Well, this year, in a very weird way, I finally got my wish. I’ve been given the gift of spring.
Ever since March 13th, when schools were closed due to COVID-19, I’ve been spending so much time outside. I walk myself in the mornings, walk my dog in the afternoons, read in a lawn chair on my driveway in the evenings, and have campfires whenever I want. I’ve even been sleeping on my screened in porch a lot and sometimes participate in my online meetings while sitting on the grass in the front yard. Even when I’m stuck inside, I keep one eye on the squirrels at the window and take brain breaks by watching the birds.
I would never wish this pandemic on the world. If I could get the coronavirus to go away with a snap of my fingers, I’d do it in an instant. But, among the stresses and sadness and uncertainty of this situation, it’s nice to find something positive. This is my happy thing right now. I’ve been given the gift of springtime, and I’m going to enjoy the heck out of it.
What about you? What is your happy thing right now? What unexpected gifts have you been given by this experience?
Nature gives us gifts every day. Today I’ve already had my share.
It’s summer, which means great bursts of laziness followed by great bursts of creativity, culminating in me keeping vampire hours. I’ve been staying up way too late the past week doing everything and nothing. It’s been great, but I’m determined to get back to a semi-normal schedule. So last night, I promised myself I’d be asleep by 11PM. I went to bed at 10:30. I read my book until 10:59 and turned the light out at 11:00 on the dot.
At 11:15 on the dot, my cat Sneakers began to serenade me.
Ah, nature’s gifts…
It was beautiful really, with low notes and high trills, unexpected breaks and tempo changes. I’m sure some flirty feline out there would have been swept off her paws. Unfortunately, I am not the target audience for this tune, and, sadly, our female cat is deaf, so his song went unanswered, except by me yelling, “Sneakers!!! Kitty kitty kitty! SHUT UP!”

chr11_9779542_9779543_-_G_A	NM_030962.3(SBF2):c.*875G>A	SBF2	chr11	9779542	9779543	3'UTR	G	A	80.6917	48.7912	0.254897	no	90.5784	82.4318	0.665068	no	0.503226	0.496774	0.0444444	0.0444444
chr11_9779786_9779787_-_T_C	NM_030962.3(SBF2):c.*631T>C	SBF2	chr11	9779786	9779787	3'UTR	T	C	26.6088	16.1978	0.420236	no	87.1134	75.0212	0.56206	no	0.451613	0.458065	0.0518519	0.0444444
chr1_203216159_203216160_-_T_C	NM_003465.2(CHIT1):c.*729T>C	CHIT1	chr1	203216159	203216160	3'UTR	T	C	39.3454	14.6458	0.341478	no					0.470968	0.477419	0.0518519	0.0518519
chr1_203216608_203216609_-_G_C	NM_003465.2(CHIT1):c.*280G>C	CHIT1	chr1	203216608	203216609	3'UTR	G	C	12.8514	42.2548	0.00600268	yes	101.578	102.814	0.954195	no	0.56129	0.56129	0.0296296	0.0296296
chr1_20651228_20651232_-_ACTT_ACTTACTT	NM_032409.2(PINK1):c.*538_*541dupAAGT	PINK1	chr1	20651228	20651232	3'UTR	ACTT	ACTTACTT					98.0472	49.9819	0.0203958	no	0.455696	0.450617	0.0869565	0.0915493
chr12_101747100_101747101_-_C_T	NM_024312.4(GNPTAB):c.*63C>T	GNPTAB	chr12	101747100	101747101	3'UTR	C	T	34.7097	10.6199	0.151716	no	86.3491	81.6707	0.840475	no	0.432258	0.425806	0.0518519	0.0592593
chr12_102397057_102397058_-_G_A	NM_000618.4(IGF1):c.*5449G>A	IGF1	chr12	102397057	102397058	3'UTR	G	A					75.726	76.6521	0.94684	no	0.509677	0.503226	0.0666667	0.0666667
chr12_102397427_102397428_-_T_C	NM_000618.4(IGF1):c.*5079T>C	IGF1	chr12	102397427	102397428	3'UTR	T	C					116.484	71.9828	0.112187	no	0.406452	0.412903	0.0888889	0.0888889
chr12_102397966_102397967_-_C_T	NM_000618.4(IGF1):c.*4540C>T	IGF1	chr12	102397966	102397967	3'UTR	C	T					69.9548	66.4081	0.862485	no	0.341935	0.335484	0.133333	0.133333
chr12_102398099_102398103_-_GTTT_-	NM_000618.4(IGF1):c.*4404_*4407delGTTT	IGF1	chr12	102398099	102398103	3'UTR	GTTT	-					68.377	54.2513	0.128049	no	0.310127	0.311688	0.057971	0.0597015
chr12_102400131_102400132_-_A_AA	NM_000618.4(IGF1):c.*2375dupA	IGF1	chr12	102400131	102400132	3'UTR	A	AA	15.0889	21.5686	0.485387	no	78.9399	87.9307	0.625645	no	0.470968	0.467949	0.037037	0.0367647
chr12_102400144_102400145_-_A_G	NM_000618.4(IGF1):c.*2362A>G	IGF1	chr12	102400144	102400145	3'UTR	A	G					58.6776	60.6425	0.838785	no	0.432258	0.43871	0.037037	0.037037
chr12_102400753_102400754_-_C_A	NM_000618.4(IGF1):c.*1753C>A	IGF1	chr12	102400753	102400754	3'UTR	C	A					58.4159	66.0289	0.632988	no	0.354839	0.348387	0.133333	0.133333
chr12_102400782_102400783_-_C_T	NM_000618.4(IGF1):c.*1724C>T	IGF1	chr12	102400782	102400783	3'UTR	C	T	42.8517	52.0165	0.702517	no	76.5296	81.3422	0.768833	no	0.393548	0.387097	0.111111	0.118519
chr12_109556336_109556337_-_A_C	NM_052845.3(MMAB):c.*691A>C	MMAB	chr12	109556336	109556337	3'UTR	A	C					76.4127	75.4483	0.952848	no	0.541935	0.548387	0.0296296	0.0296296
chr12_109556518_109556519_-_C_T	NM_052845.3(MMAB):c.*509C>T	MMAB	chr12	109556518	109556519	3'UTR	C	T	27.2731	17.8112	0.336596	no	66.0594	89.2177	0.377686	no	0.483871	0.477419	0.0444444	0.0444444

Suffice to say, I was awake until midnight.
As I drifted, finally, into dreamland, I thought, “I hope I can still get up by 7AM. I have things to do…” Then I fell asleep.
Until 4:45AM. When I woke up for no reason whatsoever. Like, REALLY awake. Like, I-have-a-new-idea-for-a-story-and-I-just-remembered-where-I-put-that-thing-I-couldn’t-find-yesterday-and-I-should-clean-out-my-closet-this-summer awake. I tried to ignore it, but there was no ignoring this level of alertness, so I made a few pages of notes for the story (it has potential) and decided to go for a walk.
That’s when the real gifts began. While I can appreciate a good cat serenade and a random wake-up call, it was this unexpected morning hour outdoors that I am really grateful for.
I heard doves cooing and saw the shadow of something that might have been a chupacabra but was probably a possum. I saw a roadrunner. I petted dogs and chatted with neighbors about their dogs. I watched the sky lighten so gently that I didn’t see it happen. One moment it was dark; then I turned a corner, and it was light. It felt so delicate, so sudden, that I wondered if I could make the darkness reappear by retracing my steps.
Roadrunners and possums and dogs are common sites in my neighborhood. That doesn’t make them any less delightful, but they don’t cause surprise. What did surprise me was the last gift the morning had to offer. Just before I got home, a pair of bald eagles flew over, low and graceful and… shocking. I didn’t know we had bald eagles in Austin. I’ve certainly never seen any. Before I could doubt myself and wonder if my mind was playing tricks, one of them turned and swooped by again, its large black body, wide wing span, bright white head and white tail. It flew to the top of a big live oak tree and perched for a few moments, sending a squirrel running for cover, before taking off again toward my house. By the time I made the block, both were gone.
I wouldn’t have seen these beautiful creatures if I hadn’t been nudged awake before sunrise. Their presence definitely felt like a gift.
Now it’s 8:30AM, and I’m yawning in front of my keyboard. I’ve had less than five hours of sleep, but it’s too late to go back to bed. Besides, I’m afraid of what other gifts I might miss.
[UPDATE: After doing a little research and talking to some friends, I think the birds I saw might have been caracaras, which look similar to bald eagles and are more common here. However, according to Texas Parks & Wildlife, we do have some bald eagles in Texas. Either way, they were really cool.]